The new critical skills list, which was gazetted in February 2022, includes numerous occupations – including electrical, chemical and mining engineers – initially left off the draft list.
Specialised expatriation company Xpatweb says its data also shows that engineering skills are some of the most sought-after skills in South Africa. Employers are looking for highly qualified engineers with many years of experience.
Also included on the list are technologists and technicians in specific engineering fields. However, these professions will be required to register as professionals in their field with the Engineering Council of South Africa (ECSA), which is the statutory professional body regulating this industry.
“As with all other occupations on the new list, the qualification requirements for those in the engineering field are of paramount importance,” said Jo-Lene Da Silva-Vergottini, expatriate solutions advisor at Xpatweb.
“Those wishing to apply for any of the occupations under the Engineering section will need to have obtained formal qualifications as high as an honour’s degree, comparable to an NQF Level 8 South African qualification.”
This can be challenging as an NQF 8 honour’s degree is a uniquely South African qualification, which refers to a one-year postgraduate study, Da Silva-Vergottini said.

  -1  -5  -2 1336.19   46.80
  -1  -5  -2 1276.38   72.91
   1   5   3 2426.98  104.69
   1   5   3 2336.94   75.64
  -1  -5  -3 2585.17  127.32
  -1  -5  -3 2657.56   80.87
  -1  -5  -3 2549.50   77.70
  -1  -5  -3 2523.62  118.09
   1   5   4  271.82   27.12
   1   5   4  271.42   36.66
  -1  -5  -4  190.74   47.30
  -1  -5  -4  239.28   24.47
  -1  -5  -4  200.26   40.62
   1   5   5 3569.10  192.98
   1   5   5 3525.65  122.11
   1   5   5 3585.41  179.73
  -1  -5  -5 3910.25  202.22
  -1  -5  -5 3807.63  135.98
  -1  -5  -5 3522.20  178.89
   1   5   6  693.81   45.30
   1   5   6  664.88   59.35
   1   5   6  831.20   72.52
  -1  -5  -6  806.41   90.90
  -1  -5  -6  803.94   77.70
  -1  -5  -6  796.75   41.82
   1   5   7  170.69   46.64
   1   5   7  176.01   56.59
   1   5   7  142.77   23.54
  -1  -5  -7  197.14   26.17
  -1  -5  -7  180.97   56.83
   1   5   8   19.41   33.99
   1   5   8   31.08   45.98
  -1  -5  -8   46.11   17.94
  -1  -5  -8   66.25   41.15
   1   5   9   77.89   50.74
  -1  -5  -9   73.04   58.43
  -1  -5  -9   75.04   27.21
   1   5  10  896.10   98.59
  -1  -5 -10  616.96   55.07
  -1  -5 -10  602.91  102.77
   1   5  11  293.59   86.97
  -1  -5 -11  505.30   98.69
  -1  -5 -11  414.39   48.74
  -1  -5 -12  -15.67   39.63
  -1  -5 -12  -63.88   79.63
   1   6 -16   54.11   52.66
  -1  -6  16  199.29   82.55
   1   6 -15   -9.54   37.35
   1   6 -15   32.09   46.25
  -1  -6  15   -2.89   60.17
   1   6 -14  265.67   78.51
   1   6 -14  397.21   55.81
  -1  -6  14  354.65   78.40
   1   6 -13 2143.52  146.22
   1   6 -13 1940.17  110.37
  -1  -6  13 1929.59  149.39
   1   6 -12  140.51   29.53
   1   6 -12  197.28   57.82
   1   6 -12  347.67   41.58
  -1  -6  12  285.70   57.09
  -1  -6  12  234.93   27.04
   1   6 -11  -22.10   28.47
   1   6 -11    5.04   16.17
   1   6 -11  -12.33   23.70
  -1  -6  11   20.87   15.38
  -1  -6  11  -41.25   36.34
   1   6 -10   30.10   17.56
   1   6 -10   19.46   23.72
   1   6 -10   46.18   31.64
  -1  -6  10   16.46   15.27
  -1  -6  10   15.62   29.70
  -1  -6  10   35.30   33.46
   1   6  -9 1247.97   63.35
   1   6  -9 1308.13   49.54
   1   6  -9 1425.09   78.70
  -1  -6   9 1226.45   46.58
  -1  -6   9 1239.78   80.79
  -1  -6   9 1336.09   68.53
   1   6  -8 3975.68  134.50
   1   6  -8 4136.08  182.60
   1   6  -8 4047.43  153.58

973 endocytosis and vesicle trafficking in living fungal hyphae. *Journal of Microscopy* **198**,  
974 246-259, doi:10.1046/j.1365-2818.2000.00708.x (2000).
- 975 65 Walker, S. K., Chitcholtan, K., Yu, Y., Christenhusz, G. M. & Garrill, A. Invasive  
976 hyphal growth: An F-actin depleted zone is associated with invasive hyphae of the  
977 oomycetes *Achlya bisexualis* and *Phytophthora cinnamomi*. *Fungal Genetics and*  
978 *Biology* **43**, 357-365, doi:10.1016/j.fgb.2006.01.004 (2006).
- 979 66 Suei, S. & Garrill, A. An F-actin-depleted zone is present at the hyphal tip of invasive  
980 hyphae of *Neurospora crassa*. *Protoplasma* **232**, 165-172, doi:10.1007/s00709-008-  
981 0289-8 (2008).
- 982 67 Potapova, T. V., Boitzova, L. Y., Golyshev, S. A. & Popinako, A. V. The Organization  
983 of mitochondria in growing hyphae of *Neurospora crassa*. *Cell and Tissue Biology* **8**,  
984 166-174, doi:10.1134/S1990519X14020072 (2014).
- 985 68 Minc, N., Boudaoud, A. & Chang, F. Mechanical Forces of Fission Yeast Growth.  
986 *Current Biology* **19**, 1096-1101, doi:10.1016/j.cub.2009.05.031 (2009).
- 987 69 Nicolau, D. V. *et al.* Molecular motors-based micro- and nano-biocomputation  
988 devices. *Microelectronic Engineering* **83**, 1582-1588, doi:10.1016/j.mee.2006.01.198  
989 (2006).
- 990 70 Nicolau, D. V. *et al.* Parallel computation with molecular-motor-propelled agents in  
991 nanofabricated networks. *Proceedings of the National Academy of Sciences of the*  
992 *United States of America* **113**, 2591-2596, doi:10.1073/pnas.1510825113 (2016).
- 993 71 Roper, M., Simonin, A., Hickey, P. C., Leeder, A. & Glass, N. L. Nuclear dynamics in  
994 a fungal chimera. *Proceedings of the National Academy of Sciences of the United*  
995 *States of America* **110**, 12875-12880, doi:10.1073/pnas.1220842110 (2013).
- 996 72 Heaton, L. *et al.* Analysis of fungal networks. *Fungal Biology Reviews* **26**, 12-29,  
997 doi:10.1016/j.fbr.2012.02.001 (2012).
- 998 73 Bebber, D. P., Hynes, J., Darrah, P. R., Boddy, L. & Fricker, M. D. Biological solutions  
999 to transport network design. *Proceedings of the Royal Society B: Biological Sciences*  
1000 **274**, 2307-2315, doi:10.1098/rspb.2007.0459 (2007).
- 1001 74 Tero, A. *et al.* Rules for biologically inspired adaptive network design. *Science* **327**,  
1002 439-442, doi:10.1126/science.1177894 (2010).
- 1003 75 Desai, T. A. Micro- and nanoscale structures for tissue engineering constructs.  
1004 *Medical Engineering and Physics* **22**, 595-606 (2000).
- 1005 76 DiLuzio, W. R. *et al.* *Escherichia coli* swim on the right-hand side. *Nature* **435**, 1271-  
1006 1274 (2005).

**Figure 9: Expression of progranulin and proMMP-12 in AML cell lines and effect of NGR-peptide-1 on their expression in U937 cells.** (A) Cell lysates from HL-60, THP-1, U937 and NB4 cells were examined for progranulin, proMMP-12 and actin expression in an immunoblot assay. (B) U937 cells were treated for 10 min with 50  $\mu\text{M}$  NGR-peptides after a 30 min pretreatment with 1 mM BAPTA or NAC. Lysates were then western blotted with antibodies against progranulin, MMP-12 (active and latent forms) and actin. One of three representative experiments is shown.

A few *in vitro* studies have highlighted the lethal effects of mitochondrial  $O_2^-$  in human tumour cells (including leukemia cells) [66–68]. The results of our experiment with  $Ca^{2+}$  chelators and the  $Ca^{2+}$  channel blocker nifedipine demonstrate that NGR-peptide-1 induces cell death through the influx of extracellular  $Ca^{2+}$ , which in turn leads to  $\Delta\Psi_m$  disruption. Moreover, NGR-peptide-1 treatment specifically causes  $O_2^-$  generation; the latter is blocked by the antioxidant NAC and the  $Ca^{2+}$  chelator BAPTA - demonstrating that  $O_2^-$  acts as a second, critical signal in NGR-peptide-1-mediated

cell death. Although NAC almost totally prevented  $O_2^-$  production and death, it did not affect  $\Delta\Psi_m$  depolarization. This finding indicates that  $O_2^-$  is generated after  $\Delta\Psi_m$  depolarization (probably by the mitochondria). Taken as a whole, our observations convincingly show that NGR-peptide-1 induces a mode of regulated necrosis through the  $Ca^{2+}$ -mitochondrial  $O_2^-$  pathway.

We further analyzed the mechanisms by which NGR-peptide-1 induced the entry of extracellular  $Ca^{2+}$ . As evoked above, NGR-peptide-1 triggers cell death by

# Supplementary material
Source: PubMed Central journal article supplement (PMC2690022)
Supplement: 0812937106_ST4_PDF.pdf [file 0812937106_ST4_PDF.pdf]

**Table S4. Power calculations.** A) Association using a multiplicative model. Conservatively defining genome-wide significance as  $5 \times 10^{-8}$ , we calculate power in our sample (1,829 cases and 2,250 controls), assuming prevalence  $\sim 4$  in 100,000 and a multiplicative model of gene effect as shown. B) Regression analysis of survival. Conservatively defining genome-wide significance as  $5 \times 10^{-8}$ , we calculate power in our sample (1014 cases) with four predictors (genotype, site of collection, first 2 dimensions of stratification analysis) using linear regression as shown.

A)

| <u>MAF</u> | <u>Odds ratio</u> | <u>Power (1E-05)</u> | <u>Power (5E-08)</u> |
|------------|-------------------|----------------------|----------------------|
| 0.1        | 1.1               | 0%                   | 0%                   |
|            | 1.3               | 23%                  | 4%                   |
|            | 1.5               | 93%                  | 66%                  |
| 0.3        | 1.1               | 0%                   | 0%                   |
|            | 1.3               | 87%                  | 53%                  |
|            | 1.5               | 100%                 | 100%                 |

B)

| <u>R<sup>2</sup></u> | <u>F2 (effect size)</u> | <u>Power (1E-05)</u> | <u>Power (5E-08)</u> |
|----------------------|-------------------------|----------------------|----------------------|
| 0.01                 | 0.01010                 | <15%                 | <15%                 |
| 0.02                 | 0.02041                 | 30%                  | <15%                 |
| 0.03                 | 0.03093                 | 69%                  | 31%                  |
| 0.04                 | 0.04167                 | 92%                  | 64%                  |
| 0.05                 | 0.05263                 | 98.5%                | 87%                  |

“Whereas most institutions globally view it as a form of merit in a class system, for example, passing your bachelor’s degree with honours. The requirements for this specific level of qualification thus cause a hindrance for those who wish to apply for a Critical Skills Work Visa.”
“As we continue to see South African engineers recruited globally, including places like the Netherlands, the shortage of experienced engineers in South Africa will continue to rise, Da Silva-Vergottini said. “Whilst the new list seeks to assist with the shortage more should be done to ensure that South Africa produces more engineers in the fields that are so sorely lacking.”
She called on the government to prioritise skills development at the grassroots level to stimulate education in these fields to avoid skills shortages of this nature in the future.
The Department of Basic Education could target students in Grade 9 who need to choose subjects that they will require to be able to further study in a particular field once matriculated. Currently, these students are not given enough information as to the vast number of occupations they can choose from as future careers, she said.
“Perhaps a suggestion is that a condensed version of the critical skills list is provided to each school and possibly each student, who will then be able to make more informed decisions regarding subject choices for their future studies. This will ensure that more qualified South Africans enter the job market in the fields and occupations that are critically lacking.”